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Hot Water Heater Buying Guide

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The size of your family and the space that you have available play an important role when buying a water heater and determining which type is best for you. Always anticipate your family’s future needs when selecting your water heater.

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The average life expectancy of a water heater is between 10 and 15 years. Don’t wait for an emergency to occur before thinking about replacing your water heater. In addition to avoiding cold showers and a soaked basement, replacing your unit with a new high-efficiency water heater is much more energy-efficient than those manufactured 10 or 15 years ago. Since water heating is the second largest energy expense in your home, the money you save on energy can help pay for the cost of a new one.

  • Water heating is the second largest energy expense in your home.
  • High-efficiency water heaters use between 10%-50% less energy than standard models.
  • An old water heater can operate for years at very low efficiency.

When purchasing a new water heater, consider the following factors:

  • Type: The first step is determining the type of equipment you need, whether you require a gas water heater or an electric water heater. If you are interested in a more energy-efficient water heating solution, a heat pump water heater or a gas tankless water heater may be the right solution.
  • Size: The capacity of your water heater tank (the number of gallons of water held) is an important factor to consider in your purchasing decision. The size of your family and the space available for your water heater play important roles in determining the type of water heater that is best for you. Always anticipate your family’s future needs when selecting your water heater.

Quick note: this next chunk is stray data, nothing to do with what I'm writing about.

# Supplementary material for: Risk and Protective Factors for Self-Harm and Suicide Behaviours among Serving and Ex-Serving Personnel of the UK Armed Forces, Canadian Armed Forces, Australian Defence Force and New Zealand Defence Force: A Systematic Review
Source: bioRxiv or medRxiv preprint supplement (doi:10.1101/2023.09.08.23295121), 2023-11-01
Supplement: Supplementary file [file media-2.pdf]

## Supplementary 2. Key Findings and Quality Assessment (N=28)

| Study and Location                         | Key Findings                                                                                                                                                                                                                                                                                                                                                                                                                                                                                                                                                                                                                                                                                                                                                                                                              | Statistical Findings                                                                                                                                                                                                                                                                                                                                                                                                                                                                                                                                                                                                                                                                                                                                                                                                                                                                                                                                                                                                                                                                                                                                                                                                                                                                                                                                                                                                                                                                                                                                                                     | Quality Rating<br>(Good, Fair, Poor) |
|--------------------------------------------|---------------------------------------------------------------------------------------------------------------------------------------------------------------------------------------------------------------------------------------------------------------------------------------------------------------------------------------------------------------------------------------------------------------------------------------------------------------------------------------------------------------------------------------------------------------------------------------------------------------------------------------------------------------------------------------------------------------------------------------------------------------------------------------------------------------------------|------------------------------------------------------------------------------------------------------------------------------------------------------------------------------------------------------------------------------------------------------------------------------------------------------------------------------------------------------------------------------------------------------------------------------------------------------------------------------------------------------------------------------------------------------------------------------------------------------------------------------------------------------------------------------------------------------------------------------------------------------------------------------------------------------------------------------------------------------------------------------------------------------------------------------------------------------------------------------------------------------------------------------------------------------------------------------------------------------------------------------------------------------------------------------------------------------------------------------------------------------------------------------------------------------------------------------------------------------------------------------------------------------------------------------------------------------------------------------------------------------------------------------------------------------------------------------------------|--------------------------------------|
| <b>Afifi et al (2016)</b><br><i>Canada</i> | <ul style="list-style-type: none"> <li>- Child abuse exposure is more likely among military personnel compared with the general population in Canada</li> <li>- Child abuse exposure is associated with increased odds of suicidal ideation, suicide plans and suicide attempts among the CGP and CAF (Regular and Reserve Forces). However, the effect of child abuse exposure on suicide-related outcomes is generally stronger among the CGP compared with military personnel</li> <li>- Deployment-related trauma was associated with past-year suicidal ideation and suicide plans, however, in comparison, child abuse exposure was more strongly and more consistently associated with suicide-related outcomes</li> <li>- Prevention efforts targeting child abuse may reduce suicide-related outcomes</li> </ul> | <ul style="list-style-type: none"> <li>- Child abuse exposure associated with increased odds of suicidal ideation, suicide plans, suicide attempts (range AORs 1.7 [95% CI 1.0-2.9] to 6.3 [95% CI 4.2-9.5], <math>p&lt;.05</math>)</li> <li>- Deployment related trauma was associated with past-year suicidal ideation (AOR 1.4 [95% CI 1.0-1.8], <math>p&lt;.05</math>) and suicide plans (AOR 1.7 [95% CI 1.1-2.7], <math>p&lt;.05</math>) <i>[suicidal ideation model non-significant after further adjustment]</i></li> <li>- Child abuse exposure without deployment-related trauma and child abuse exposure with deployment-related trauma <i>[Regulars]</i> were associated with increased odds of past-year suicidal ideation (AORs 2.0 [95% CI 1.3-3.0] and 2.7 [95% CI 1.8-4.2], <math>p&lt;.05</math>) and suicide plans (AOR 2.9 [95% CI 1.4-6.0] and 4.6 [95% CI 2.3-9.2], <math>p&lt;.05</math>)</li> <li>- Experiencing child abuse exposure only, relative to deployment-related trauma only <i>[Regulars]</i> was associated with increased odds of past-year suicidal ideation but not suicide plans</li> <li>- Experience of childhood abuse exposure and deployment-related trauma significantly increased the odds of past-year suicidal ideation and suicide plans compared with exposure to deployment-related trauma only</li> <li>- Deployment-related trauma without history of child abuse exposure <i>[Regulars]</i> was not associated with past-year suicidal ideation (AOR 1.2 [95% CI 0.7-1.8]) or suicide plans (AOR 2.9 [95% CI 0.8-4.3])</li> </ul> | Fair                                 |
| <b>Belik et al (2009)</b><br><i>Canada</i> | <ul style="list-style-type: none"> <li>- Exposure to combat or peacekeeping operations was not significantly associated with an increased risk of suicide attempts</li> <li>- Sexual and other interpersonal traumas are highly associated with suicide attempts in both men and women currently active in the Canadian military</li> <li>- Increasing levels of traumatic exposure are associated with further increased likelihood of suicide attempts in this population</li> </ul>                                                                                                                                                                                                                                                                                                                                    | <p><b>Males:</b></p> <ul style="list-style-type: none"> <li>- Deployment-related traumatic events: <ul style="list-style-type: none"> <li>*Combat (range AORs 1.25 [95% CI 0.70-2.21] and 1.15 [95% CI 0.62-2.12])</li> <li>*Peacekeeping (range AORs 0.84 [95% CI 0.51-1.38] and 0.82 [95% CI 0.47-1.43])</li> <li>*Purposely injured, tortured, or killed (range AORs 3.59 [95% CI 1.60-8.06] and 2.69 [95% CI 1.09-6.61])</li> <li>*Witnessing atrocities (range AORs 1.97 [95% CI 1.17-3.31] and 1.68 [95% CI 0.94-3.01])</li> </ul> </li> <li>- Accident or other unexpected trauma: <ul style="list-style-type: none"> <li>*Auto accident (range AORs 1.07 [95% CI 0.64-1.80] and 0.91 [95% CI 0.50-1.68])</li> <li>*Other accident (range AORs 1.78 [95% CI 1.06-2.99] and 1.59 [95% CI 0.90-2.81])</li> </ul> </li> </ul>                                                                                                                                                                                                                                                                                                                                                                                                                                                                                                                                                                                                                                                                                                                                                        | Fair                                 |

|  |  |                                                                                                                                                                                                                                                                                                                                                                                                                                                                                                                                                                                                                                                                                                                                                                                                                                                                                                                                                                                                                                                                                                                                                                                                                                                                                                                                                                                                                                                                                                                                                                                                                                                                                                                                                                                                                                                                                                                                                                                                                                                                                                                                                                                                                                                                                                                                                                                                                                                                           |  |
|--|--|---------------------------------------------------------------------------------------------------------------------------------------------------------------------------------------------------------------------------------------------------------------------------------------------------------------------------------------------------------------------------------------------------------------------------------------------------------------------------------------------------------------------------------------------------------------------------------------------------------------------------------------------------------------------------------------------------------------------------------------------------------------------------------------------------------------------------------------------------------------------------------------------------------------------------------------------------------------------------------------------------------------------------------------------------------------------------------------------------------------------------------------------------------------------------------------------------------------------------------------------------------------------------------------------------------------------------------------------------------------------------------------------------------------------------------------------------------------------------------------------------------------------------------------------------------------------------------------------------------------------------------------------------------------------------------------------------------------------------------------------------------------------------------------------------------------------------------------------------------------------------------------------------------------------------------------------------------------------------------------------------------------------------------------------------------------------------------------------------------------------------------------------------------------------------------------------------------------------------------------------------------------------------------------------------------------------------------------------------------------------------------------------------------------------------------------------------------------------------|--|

• Recovery Rate: The number of gallons of water that can be heated in an hour is another important factor that goes into your purchasing decision. You must evaluate how much water your household demands and how your tank heats the water when considering your water heater’s recovery rate. One rule of thumb is that electric water heaters with a high tank capacity usually have low recovery rates, since there is more water available. Conversely, gas water heaters with a high recovery rate may not need a large tank capacity, because the unit can heat the water faster.
  • Tank Space Dimensions: What are your space considerations? Know the dimensions where your water heater is located. Determine the height of your current water heater as well as the diameter. This information will help you understand the space constraints associated with upgrading your tank. Also, it is important to know the wattage of your current water heater.
  • Warranty: The availability of a manufacturer warranty, or dealer warranty, is often a valuable option that can provide parts and labor coverage in the case of equipment malfunctions.
  • Accessories: Water heating system accessories can enhance comfort, while creating a healthier indoor environment. Such options include a circulator pump and timer, a drip pan and an expansion tank.

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